His picture appeared on a $5 bill issued by the Republic of Texas.
The famous Flying Tigers of World War 2 owe thanks to deafness. Their founder, Claire Chennault (d. 1958), was discharged from the U.S. Air Force as a Captain in 1937 because of hearing loss. Only as a civilian was he available to the government of China to create and manage that famous air fighter group of Hurricanes, P40s, and American volunteer pilots.
In 1942 the whole group was incorporated into the US armed services, including him as a Major General. He was the USA's first and only half-deaf person to actively serve as an officer.
Konstantin Tsiolkovsky (d.1935), Russian, is recognized as one of the great pioneers of rocketry and astronautics, and a visionary of space travel.
He learned all his stuff on his own. Barred from school because of deafness, he was educated at home, mostly by himself. He was something of a recluse, and spent much of his life in a log cabin.
Yet he submitted hundreds of scientific papers and is the inventor of the wind tunnel. For his many accomplishments in aeronautics, a crater on the moon is named after him.
For his interesting bio, go to:
Guillaume Amontons (d.1705), French, is
another deaf person with a crater on the moon named after him. Like Tsiolkovsky (above) he was self-educated due to deafness since childhood. He never attended a university, yet was elected to the French Academy of Sciences. He contributed to thermodynamics and statics. Of the three Laws of Friction, the first two are named after him.
Annie Jump Cannon (d. 1941) is a prominent name in astronomy. Most of her accomplishments were after total deafness at about age 30. She is the originator of the star classification system used today, and had personally classified over 325,000 stars. Type her name into your browser and you'll get lots to read. She has quite a few "firsts".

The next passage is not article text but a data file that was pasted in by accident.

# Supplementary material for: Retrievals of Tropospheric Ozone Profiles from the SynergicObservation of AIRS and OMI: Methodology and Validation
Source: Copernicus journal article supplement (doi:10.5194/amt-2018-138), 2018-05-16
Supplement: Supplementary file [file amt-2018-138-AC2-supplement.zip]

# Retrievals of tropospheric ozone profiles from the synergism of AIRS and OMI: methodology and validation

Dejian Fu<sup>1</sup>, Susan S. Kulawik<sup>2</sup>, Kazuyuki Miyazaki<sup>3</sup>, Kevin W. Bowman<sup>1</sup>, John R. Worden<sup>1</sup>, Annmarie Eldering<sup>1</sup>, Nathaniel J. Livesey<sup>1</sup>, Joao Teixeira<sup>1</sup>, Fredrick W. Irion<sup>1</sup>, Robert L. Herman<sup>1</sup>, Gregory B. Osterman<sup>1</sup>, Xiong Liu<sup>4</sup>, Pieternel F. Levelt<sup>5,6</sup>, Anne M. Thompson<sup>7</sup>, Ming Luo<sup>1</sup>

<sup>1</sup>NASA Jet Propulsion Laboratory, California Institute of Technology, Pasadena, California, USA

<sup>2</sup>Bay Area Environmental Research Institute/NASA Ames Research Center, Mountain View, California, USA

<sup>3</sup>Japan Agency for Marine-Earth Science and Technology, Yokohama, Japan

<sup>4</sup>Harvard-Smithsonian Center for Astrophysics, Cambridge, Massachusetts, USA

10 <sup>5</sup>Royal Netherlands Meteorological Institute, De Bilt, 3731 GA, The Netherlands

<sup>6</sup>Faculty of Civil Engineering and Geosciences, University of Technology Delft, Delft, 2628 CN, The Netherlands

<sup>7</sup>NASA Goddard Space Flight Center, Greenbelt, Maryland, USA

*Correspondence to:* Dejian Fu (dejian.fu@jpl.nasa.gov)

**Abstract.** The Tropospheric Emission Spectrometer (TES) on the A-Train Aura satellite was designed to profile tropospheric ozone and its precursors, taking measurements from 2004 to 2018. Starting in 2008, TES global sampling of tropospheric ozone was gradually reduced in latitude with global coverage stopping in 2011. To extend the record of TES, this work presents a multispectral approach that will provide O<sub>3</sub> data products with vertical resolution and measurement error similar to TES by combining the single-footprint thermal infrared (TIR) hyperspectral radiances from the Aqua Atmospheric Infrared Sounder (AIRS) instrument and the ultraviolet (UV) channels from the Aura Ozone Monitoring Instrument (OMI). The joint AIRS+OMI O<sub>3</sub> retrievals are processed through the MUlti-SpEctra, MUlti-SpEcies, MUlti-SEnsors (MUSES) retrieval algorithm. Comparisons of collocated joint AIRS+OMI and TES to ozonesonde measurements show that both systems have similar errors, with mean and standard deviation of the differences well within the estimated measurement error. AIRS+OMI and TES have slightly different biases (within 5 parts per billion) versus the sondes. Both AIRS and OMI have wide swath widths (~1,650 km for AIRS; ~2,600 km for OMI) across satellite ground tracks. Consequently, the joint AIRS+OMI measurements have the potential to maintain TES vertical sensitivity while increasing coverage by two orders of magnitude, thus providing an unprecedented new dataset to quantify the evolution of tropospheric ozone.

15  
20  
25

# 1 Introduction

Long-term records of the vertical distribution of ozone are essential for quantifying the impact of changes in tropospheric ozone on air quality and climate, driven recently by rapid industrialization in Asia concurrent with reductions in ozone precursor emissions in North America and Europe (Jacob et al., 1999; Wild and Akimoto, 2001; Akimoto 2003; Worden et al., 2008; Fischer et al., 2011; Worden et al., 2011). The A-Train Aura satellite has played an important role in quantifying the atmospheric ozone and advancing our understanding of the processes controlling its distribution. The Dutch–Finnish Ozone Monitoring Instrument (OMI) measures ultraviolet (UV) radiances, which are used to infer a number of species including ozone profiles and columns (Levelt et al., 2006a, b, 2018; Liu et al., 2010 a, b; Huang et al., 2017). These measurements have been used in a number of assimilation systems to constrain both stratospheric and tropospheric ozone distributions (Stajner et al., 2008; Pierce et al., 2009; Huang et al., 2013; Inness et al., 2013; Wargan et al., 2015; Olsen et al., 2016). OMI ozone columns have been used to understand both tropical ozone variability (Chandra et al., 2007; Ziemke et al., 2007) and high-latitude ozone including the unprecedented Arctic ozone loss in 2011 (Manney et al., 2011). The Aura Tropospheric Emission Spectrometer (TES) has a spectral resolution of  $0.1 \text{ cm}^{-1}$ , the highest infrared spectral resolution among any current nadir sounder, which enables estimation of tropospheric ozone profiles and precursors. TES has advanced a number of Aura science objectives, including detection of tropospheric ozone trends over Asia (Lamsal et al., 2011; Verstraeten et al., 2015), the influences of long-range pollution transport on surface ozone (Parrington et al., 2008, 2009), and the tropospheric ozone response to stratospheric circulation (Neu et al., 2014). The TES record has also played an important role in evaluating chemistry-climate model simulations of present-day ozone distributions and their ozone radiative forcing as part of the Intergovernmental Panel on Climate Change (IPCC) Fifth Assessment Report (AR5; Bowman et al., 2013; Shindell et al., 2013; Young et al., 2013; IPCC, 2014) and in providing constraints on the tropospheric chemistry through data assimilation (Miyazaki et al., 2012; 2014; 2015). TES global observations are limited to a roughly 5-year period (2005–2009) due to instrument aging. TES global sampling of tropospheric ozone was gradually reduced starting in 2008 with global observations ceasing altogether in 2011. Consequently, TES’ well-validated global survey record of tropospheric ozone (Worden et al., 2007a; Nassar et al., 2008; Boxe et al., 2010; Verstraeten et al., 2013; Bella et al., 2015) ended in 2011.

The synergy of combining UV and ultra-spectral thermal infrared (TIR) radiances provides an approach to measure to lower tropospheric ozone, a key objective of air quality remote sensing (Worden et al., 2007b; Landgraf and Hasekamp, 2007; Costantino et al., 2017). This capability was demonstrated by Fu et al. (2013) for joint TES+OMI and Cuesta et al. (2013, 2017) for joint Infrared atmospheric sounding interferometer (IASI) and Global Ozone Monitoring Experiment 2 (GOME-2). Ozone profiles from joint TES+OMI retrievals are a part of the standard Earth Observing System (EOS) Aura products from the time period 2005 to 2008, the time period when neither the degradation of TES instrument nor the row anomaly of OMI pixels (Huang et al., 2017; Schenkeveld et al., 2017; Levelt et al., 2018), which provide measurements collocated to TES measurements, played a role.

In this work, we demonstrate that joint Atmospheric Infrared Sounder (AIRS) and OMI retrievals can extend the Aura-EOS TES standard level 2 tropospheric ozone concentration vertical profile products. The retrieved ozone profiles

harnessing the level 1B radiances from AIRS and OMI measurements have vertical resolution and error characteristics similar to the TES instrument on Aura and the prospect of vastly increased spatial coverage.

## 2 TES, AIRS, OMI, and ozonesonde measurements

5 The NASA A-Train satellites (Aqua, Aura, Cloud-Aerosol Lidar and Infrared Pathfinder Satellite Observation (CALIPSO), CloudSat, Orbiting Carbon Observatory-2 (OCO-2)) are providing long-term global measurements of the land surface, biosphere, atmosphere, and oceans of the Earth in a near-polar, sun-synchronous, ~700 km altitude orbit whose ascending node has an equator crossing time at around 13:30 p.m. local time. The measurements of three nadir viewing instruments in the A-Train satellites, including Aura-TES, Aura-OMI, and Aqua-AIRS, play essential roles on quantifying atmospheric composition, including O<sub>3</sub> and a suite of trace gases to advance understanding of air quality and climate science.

John Goodricke (d. 1786) was almost completely deaf since childhood. He was only 19 when he was given the highest award of the Royal Society of London for his work in astronomy. He died from an unknown cause only two years later. The details of his work can be read here:
The site below gives a number of deaf doctors, dentists, and scientists:
Some Odds & Ends
Gallaudet University proudly claims the football huddle was invented in 1896 by its quarteback, Paul Hubbard, to hide sign language. Baker's Football Facts and Figures confirms its origin to that time, but says nothing about Gallaudet or Hubbard. And a NY Times obituary in 1995 for Lafayette coach Herb McCracken, said he invented the huddle in 1924. Wikipedia's History of Football, says it's Amos Alonzo Stagg's invention. Know any more huddle inventors?
Never whisper to the deaf, nor wink at the blind. Slovenian proverb
Beware: the deaf see, the blind hear. Spanish proverb
You'll find scores of such proverbs (with much annoying repetition) at:
It's remained unchanged for over 400 years, that a favorable match in marriage would be a blind woman to a deaf man. This amusing but sexist statement is an old Tutkish proverb (and French, Danish, Rumanian, and British). It is attributed to Michel de Montaigne in the 16th Century, Samuel Taylor Coleridge in the 19th, Richard Taverner in the 20th, and an assorted bunch of others.
About a third of all Dalmatians are born deaf. Deafness at birth is common among about three dozen purebred breeds due to in-breeding. Too many breeders don't pay much attention to managing the gene pools, or many aren't adept at doing so.
Up to about 1800, a "dummy" was a plain stupid person. Then it signified a deaf mute for most of the 1800s (originally contemptuously, not much so for the rest of its time). Late in that century, it changed to mean a hobo.
In the 1900s it changed again to mean something fake, posing as the real thing. Through all that time, however, it retained some of its original meaning, now used for any person who has done something foolish, or generally acts with poor judgement.
Our Voice-Recognition Phone --and-- a 16-year Old Kid
Our captioned phone displays in text, what the other party voices. It was designed for the hard-of-hearing to listen and read at the same time. We use it only to interpret our auto-answered voice messages.
A distant mainframe computer provides voice-recognition for all phones in this system, with an operator listening in to correct errors (if s/he can grab them fast enough).